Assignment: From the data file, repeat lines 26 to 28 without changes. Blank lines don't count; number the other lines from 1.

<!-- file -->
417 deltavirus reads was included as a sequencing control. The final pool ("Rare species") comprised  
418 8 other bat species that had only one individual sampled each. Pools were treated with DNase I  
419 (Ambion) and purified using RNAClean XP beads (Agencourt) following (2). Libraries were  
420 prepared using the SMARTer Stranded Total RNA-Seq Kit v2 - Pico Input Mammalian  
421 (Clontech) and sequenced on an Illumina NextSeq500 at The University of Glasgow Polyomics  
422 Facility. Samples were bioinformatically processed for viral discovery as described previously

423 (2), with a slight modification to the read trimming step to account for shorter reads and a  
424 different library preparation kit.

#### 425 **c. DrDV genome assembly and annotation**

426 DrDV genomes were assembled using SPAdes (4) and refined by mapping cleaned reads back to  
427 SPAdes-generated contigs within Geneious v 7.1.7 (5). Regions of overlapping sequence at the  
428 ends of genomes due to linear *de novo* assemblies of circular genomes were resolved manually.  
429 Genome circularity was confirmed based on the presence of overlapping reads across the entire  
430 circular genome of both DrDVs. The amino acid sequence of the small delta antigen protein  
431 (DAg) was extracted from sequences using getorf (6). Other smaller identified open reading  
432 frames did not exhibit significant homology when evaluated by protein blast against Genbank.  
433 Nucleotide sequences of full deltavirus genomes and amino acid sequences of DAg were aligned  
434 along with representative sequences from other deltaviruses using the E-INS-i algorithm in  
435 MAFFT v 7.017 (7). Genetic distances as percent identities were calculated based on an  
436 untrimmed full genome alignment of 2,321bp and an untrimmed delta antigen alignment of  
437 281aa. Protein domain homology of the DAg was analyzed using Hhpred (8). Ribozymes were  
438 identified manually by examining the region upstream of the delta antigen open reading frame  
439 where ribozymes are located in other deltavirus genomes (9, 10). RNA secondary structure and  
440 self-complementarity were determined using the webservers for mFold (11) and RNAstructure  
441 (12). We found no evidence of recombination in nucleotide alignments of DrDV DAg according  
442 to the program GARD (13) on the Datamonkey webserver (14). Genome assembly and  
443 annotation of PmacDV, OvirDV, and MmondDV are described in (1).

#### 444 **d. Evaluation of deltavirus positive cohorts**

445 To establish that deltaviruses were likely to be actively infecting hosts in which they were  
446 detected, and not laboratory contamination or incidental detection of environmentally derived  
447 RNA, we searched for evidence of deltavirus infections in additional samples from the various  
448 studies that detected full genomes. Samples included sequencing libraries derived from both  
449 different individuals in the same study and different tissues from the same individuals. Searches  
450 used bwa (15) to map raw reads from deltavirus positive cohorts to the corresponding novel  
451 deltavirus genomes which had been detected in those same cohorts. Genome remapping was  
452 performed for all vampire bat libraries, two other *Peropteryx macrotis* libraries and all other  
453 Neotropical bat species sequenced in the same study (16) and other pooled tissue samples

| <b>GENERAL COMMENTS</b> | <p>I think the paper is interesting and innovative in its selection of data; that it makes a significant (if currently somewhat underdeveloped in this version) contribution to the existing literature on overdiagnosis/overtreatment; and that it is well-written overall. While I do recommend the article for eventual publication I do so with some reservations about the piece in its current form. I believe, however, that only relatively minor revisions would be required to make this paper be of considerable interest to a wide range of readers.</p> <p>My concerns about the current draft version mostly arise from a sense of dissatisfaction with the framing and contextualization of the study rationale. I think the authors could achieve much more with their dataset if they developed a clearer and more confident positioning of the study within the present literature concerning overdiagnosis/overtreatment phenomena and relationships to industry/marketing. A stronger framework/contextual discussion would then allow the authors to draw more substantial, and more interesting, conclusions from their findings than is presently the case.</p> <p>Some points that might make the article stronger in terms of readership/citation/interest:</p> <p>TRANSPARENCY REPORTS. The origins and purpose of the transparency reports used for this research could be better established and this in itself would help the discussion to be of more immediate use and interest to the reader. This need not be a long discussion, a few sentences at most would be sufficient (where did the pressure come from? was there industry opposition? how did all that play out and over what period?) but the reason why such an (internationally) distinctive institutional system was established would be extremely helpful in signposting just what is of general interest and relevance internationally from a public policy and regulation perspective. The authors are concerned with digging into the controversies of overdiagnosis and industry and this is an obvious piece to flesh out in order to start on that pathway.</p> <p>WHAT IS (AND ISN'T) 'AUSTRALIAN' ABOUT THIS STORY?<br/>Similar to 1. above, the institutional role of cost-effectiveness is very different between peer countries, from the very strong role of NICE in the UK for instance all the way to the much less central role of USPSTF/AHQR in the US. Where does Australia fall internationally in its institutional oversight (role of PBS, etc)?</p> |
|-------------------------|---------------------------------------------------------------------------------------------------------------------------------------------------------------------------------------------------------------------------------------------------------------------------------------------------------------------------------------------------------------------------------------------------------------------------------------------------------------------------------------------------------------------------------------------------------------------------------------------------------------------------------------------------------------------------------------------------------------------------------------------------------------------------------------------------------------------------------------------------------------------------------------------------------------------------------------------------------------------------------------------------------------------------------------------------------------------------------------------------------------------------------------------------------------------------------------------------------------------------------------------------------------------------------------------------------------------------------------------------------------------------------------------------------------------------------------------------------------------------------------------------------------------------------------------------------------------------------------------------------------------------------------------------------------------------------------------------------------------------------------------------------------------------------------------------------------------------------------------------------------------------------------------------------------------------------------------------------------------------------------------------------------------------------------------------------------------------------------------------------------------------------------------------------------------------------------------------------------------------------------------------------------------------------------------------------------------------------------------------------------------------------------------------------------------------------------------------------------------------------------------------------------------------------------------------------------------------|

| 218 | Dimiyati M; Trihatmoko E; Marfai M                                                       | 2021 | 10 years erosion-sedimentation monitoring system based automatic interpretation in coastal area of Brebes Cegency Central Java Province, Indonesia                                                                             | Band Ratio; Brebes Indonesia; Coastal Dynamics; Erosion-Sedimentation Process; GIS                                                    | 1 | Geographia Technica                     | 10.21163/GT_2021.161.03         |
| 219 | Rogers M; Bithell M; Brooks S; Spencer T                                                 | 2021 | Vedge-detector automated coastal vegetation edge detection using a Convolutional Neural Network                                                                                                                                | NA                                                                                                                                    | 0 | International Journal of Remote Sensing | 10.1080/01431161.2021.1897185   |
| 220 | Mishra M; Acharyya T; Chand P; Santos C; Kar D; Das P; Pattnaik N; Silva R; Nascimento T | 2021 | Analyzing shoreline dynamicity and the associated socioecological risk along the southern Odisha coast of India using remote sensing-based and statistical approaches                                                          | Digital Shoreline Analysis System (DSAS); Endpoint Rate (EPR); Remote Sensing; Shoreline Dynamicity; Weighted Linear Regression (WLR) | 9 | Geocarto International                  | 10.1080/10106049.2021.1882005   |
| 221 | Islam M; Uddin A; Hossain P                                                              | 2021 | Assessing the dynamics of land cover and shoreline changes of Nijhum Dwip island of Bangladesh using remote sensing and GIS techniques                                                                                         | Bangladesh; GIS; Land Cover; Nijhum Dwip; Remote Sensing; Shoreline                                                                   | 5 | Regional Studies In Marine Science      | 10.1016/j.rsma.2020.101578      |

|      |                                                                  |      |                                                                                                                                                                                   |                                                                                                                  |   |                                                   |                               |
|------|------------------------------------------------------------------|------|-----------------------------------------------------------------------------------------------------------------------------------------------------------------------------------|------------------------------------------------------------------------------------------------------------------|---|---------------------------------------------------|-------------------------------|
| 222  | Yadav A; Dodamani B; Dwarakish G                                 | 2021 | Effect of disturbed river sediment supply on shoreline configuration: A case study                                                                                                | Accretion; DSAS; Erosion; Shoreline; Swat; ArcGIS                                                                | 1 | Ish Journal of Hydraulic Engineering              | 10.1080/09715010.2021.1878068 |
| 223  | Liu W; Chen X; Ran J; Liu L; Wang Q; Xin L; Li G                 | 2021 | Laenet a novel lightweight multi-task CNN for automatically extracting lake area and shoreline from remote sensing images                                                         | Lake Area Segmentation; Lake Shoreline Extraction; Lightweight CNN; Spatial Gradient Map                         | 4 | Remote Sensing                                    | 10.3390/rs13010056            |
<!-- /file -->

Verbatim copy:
442 to the program GARD (13) on the Datamonkey webserver (14). Genome assembly and  
443 annotation of PmacDV, OvirDV, and MmondDV are described in (1).

#### 444 **d. Evaluation of deltavirus positive cohorts**